Bittersweet News About Chocolate

A woman is about to take a bite from a chocolate candy made in the shape of a heart at a candy fair in Cologne, Germany, on January 28, 2005. (AP Photo/Martin Meissner) --- AP (file)

The truth is bittersweet: Something in cocoa beans may be good for your heart, but — sigh — that's still no reason to load up on chocolate bars or brownies.

The health potential is real. Cocoa beans have natural compounds called flavanols, and a growing pile of scientific research suggests they do good things to blood vessels.

Dolly Sullivan, 60, is a believer. She eats two or three squares of Dove dark chocolate daily and talked her mother into switching from coffee to cocoa.

"I'm a chocoholic. I can't walk by a chocolate store," said Sullivan, who lives in Warwick, R.I. "I've always enjoyed chocolate, but now I have a reason to eat it."

Customers at Neuhaus, a Belgian chocolate shop in Washington's Union Station, like thinking the dark stuff might be healthy, said manager Clementine Loeman.

"That way, they don't feel guilty," Loeman said, adding that chocolate was sometimes considered medicinal when the company began as a pharmacy 148 years ago.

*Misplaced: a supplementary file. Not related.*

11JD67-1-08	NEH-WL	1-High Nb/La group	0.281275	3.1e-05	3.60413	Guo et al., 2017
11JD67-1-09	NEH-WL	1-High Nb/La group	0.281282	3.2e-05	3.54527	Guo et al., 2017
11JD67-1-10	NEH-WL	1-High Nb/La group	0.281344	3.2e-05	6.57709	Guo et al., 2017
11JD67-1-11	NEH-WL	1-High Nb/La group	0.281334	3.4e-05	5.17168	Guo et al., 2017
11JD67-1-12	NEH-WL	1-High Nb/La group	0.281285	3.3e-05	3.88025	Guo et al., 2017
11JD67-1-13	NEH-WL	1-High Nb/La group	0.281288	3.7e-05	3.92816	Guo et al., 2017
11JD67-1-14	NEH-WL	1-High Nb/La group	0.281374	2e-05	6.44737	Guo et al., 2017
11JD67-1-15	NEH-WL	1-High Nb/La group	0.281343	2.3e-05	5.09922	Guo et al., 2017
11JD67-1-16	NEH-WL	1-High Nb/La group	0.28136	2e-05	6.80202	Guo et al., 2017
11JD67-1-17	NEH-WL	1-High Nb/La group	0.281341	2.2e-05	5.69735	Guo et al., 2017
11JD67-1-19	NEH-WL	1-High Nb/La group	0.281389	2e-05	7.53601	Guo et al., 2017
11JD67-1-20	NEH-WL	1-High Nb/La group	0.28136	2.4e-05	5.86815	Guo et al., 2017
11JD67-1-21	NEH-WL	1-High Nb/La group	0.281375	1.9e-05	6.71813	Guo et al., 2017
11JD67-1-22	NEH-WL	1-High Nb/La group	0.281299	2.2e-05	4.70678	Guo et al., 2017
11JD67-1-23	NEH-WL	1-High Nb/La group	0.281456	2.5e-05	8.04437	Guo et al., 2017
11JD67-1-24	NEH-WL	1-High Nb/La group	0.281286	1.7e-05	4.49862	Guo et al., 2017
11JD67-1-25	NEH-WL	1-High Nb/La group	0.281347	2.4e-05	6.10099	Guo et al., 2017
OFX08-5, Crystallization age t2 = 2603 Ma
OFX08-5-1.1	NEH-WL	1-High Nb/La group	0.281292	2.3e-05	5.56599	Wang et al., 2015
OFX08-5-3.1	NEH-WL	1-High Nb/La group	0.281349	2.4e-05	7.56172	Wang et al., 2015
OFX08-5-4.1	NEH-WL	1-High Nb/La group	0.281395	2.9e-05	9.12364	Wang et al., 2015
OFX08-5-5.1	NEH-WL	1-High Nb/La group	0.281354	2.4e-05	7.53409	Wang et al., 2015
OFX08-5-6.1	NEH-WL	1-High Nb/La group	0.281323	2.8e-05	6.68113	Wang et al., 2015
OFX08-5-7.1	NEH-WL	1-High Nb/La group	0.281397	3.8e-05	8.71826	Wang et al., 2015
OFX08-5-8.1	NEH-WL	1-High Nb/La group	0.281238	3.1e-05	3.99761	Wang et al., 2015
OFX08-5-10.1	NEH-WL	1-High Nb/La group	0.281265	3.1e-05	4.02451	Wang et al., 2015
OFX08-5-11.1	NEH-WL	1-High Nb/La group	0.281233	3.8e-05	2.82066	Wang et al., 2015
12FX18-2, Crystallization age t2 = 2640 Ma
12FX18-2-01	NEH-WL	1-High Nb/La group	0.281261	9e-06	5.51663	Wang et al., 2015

Despite the enthusiasm, flavanols are missing from much of the chocolate on store shelves today. Flavanols make chocolate and cocoa taste bitter, and confectioners have spent years trying to perfect ways to remove the pungent flavor.

"Most chocolate, in fact, isn't flavanol-rich," said Norm Hollenberg, a radiology professor and flavanol expert at Harvard Medical School. "But all chocolate is rich in fat and calories. Chocolate is a delight. It can and should be part of a prudent diet. That means you limit what you take."

Flavanols are found in other foods, such as red wine, grapes, apples and green tea, although cocoa beans are a particularly rich source.

They are so tiny, they cannot be seen, even under a microscope. To find them, it takes sophisticated machinery that seems more appropriate for NASA than a chocolate company's laboratories.

Mars Inc. developed the technology to visualize flavanols on a computer screen. Says Harold Schmitz, the company's chief science officer: "Now we understand cocoa well enough to start to do new things with it."

The company is starting with CocoaVia granola bars, made with a special cocoa powder that retains most of the flavanols. The bars also have plant sterols, which have been shown to help lower cholesterol.

For now, the 80-calorie, 23-gram snack bars are sold only on the Internet. The bars have a satisfyingly rich chocolate flavor, along with a slight but distinct bitter taste.

Mars says its Dove dark chocolates — a 1.3 ounce bar is 200 calories — also contain flavanols.

  • Stephen Smith

    Stephen Smith is a senior editor for CBSNews.com

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